Belarus’ Dictator frowns on opposition

Written by on September 8, 2020

Five weeks have passed since Belarus learned the results of its presidential election, in which the country’s Central Election Commission announced that President Alexander Lukashenko, often described as Europe’s last dictator, had won with 80.23% of the vote.

In the weeks that have followed, the country has seen mass protests from citizens who believe the vote was rigged, violent police crackdowns on those protestors and, possibly most disturbingly, three high-profile opposition figures – all of whom are women – have disappeared from public view or fled Belarus.
Belarusian state media said on Tuesday that Maria Kolesnikova, a key opposition figure, had been detained on the Belarusian side of the border between Ukraine and Belarus. The statement was made by Belarusian Border Control, and aired on state TV.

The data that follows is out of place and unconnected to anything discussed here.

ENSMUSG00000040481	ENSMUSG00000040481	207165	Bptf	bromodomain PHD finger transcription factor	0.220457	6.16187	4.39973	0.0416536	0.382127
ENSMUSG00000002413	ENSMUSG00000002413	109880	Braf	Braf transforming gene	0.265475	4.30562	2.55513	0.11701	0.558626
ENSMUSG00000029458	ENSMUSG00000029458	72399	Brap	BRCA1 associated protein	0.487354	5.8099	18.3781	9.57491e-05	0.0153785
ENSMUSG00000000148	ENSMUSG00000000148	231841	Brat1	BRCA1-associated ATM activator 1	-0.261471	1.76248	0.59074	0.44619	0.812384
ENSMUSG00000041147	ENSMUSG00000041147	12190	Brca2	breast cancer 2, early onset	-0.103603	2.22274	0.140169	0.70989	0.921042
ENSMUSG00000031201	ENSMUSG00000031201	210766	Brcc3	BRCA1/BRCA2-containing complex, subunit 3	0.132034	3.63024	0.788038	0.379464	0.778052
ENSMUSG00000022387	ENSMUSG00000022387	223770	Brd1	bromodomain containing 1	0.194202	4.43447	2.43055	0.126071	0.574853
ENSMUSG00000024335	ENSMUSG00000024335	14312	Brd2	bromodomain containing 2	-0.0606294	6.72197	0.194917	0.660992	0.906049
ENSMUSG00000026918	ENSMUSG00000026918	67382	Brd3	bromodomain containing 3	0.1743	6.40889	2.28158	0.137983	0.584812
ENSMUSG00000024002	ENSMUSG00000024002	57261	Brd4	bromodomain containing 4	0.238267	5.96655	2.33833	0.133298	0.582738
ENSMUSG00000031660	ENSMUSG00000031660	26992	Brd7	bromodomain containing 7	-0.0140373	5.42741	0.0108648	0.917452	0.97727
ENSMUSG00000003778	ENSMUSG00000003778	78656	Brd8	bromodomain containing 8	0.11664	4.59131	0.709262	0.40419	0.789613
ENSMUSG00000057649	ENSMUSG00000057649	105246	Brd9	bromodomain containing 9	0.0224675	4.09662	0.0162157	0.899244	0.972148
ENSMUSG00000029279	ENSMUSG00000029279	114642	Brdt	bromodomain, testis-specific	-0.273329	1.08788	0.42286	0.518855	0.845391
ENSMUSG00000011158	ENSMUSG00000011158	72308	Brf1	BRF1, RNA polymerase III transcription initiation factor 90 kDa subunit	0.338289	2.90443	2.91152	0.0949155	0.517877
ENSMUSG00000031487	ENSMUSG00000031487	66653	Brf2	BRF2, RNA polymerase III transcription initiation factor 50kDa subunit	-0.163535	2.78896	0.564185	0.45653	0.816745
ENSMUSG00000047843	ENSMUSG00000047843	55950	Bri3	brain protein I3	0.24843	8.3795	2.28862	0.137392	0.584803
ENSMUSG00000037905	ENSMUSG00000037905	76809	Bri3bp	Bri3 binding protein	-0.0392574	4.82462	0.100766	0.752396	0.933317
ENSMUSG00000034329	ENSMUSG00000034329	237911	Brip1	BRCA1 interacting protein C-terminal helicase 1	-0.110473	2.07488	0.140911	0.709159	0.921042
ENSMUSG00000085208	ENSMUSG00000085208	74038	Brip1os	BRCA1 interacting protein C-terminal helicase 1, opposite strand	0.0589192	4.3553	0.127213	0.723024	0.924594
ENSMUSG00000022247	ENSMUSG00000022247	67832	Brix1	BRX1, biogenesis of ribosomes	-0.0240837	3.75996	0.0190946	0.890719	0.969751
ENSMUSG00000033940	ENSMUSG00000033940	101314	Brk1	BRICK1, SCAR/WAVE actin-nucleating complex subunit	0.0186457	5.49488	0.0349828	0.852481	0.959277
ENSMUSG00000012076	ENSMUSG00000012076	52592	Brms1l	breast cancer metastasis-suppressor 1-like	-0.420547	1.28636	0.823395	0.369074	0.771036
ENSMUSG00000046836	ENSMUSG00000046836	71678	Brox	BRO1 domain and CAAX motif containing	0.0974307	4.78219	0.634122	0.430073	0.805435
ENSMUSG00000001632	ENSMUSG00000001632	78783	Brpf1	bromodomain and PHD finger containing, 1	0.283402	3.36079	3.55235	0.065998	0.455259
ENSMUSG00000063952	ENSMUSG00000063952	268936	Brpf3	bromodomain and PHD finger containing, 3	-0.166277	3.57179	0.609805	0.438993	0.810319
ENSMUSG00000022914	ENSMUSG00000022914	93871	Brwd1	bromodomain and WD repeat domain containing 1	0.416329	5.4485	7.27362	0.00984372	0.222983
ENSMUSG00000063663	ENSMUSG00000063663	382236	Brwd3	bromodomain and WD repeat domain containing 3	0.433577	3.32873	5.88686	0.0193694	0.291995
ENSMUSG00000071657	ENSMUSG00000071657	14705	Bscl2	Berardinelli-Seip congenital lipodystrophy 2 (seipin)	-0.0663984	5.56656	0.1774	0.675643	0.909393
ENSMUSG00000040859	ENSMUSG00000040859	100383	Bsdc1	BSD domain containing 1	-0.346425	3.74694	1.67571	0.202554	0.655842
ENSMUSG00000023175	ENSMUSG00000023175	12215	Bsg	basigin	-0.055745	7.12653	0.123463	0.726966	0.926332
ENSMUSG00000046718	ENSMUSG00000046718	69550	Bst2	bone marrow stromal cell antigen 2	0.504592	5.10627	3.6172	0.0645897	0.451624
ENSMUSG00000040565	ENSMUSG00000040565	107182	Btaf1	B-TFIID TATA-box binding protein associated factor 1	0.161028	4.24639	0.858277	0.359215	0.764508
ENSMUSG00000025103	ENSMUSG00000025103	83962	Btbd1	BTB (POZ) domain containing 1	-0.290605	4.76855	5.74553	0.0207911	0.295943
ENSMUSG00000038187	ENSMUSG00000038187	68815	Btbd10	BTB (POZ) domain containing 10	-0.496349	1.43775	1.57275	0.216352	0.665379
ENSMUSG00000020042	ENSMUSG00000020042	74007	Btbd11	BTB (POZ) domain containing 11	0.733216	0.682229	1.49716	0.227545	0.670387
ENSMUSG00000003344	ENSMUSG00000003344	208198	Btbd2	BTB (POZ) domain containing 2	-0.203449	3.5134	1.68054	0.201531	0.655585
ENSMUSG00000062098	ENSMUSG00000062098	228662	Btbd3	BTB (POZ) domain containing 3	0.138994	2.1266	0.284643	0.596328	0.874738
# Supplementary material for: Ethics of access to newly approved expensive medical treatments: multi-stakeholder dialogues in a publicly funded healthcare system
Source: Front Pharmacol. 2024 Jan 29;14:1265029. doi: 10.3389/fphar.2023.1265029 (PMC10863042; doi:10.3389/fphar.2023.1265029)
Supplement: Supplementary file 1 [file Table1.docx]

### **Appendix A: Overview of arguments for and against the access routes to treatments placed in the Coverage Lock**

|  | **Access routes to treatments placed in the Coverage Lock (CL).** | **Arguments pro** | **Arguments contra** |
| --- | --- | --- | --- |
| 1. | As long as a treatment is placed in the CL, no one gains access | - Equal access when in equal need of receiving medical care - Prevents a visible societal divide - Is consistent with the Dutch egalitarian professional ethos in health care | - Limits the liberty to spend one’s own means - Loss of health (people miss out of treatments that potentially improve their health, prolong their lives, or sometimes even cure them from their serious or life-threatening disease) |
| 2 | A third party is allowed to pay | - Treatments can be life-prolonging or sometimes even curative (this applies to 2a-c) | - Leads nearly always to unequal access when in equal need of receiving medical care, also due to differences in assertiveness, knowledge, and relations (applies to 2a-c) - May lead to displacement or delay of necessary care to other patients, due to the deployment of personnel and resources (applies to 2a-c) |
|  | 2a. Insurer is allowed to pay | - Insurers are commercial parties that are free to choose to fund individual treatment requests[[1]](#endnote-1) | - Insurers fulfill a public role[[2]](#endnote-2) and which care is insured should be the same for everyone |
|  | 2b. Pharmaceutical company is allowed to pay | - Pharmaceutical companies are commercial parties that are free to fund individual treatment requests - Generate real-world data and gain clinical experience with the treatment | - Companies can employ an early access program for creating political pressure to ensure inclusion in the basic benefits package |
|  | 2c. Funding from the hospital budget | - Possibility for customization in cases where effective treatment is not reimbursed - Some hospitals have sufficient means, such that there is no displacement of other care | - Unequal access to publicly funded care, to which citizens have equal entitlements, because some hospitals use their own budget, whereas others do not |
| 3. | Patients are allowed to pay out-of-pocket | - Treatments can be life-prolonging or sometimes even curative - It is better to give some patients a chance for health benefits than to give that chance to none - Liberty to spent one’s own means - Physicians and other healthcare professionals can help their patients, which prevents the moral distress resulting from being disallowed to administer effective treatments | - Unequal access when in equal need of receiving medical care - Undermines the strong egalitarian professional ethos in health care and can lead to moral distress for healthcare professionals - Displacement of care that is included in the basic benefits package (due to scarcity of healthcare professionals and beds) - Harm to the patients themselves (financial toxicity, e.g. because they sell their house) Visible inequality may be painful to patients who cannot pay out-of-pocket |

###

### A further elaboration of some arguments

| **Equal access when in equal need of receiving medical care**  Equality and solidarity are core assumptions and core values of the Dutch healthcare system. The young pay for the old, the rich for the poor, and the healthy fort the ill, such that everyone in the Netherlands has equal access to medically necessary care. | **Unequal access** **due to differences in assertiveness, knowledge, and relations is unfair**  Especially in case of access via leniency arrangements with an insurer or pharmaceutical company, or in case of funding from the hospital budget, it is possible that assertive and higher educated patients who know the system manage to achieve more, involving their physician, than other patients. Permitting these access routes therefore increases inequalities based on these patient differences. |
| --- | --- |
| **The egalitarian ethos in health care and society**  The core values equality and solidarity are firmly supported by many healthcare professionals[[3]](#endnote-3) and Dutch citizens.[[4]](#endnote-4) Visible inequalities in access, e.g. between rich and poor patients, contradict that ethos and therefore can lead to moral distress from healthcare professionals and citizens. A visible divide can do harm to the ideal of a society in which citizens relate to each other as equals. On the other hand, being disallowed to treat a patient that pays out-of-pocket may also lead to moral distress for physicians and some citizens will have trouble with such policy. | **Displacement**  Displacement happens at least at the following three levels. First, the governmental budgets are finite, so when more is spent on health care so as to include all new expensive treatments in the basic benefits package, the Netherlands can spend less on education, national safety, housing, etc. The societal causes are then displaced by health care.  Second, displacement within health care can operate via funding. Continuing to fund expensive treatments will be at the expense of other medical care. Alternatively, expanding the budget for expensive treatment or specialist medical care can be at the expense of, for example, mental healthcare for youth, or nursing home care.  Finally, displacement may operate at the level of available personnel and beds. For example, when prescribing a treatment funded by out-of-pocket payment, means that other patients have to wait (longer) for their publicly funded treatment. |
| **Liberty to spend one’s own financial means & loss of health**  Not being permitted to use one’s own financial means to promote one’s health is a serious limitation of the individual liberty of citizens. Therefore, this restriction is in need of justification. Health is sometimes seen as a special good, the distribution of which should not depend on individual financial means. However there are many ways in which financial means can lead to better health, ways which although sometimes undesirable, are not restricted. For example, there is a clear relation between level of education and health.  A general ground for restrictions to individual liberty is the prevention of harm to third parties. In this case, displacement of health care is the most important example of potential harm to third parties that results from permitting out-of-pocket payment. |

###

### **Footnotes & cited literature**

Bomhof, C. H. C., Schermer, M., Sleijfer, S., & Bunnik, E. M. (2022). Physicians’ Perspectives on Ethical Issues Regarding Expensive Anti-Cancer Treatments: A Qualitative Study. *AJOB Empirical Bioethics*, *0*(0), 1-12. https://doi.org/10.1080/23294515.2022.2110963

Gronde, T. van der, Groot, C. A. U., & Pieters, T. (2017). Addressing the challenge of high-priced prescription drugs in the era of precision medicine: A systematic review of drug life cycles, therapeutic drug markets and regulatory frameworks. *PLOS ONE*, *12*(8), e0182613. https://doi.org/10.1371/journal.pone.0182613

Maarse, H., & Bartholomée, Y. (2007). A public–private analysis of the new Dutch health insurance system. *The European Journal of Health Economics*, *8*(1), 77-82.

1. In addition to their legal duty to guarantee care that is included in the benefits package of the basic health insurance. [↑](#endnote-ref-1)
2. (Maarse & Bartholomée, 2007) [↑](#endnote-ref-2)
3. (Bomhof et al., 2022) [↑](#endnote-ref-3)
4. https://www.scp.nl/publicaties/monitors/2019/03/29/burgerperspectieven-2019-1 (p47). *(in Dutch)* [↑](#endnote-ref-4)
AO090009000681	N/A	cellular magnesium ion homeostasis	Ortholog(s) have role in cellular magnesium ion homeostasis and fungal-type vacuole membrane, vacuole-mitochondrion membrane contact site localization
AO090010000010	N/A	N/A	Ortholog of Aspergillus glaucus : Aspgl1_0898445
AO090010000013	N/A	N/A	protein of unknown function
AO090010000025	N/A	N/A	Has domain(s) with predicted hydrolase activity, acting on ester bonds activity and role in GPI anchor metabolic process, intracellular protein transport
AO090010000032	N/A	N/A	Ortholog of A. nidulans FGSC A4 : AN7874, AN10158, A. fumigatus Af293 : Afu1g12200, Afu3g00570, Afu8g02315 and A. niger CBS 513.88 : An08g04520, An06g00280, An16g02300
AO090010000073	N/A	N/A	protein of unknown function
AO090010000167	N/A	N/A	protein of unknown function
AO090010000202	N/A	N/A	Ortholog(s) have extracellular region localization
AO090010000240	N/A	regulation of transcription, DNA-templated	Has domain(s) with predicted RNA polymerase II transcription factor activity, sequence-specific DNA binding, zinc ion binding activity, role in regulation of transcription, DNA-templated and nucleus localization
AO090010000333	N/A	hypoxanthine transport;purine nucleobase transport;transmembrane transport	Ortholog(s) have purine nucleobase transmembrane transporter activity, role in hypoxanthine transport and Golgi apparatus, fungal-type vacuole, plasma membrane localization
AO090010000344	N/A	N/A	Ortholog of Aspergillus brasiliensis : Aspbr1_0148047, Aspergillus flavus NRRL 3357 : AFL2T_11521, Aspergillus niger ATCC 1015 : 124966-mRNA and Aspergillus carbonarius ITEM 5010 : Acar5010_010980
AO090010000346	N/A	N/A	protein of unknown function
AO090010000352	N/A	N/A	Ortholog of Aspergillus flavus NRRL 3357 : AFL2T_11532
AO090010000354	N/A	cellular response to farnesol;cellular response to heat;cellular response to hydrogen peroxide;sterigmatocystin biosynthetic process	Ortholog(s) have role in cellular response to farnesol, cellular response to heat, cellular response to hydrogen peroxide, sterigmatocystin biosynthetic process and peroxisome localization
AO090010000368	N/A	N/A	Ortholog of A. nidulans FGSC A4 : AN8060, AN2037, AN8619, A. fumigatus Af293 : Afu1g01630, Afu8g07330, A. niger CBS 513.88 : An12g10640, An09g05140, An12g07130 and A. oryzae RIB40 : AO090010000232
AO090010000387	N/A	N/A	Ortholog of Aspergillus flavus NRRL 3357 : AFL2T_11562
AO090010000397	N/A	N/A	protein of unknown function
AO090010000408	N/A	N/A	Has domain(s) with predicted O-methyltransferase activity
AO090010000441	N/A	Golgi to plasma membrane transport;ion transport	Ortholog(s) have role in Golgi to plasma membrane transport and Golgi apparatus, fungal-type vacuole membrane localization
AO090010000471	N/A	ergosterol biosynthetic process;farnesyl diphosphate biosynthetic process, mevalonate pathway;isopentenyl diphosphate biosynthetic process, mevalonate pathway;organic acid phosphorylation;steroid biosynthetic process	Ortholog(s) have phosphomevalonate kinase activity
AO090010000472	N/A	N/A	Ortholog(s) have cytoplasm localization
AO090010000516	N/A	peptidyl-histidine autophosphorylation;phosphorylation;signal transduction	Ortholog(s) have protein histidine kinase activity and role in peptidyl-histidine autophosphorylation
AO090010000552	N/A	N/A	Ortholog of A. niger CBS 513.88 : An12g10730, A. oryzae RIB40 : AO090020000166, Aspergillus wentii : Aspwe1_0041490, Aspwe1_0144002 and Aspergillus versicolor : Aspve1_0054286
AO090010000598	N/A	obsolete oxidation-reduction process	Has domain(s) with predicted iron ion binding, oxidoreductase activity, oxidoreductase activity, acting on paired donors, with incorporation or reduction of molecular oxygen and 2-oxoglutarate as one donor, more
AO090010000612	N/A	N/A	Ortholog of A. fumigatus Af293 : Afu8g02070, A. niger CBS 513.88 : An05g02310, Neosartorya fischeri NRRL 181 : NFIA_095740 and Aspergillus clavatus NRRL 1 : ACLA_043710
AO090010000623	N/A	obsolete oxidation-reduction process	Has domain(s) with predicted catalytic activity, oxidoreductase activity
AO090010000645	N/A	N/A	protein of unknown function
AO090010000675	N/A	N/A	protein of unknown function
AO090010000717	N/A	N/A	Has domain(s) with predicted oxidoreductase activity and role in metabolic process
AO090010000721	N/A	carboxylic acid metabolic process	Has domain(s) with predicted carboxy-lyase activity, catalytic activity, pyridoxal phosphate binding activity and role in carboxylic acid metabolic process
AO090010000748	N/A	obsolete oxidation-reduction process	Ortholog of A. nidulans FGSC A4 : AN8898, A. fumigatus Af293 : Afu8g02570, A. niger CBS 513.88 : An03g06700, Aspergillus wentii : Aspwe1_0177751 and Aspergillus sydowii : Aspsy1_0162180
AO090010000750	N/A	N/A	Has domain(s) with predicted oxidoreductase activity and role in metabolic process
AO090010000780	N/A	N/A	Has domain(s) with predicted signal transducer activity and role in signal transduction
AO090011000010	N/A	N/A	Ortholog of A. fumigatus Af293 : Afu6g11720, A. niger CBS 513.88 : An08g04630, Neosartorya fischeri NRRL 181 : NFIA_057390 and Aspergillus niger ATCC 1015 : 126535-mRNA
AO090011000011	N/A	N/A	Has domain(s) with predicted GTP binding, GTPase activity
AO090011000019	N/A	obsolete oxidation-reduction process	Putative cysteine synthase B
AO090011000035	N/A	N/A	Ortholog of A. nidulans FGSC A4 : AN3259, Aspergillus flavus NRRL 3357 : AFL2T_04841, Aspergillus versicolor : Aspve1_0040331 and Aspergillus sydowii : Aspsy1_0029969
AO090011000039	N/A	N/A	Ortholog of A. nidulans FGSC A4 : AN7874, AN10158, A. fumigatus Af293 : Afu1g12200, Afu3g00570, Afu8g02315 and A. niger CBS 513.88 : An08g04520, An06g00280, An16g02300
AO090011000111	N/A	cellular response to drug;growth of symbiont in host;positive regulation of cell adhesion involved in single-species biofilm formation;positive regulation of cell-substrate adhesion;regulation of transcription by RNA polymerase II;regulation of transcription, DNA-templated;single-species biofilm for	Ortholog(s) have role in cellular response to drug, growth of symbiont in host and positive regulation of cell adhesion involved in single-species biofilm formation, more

“The disappearance of the candidates demonstrates beyond all doubt the brutality of this regime and how important it is that the international community doesn’t lose interest in the appalling events that have unfolded since the election,” said, Tom Tugendhat, chairman of the UK’s Foreign Affairs Select Committee
Belarusian opposition says three leading members were abducted in Minsk
Kolesnikova joined forces with fellow opposition candidates Svetlana Tikhanovskaya and Veronika Tsepkalo to take on Lukashenko in the election after several opposition candidates were either barred from running or jailed.
Tikhanovskaya and Tsepkalo left Belarus in the immediate aftermath of the election, while Kolesnikova stayed and spoke out against the result. She told CNN in an interview on August 13 that Lukashenko “has to accept that the Belarusian people don’t like him and don’t like for him to stay the President of Belarus.”
Franak Viacorka, non-resident fellow at the Atlantic Council and journalist based in Belarus, said that after the election, the “authorities were trying to do everything to split the opposition to not let all forces and parties unite around Tikhanovskaya. The biggest fear of Lukashenko is Russia and the West opening talks with his opposition. So he is doing his best to paralyze it.”

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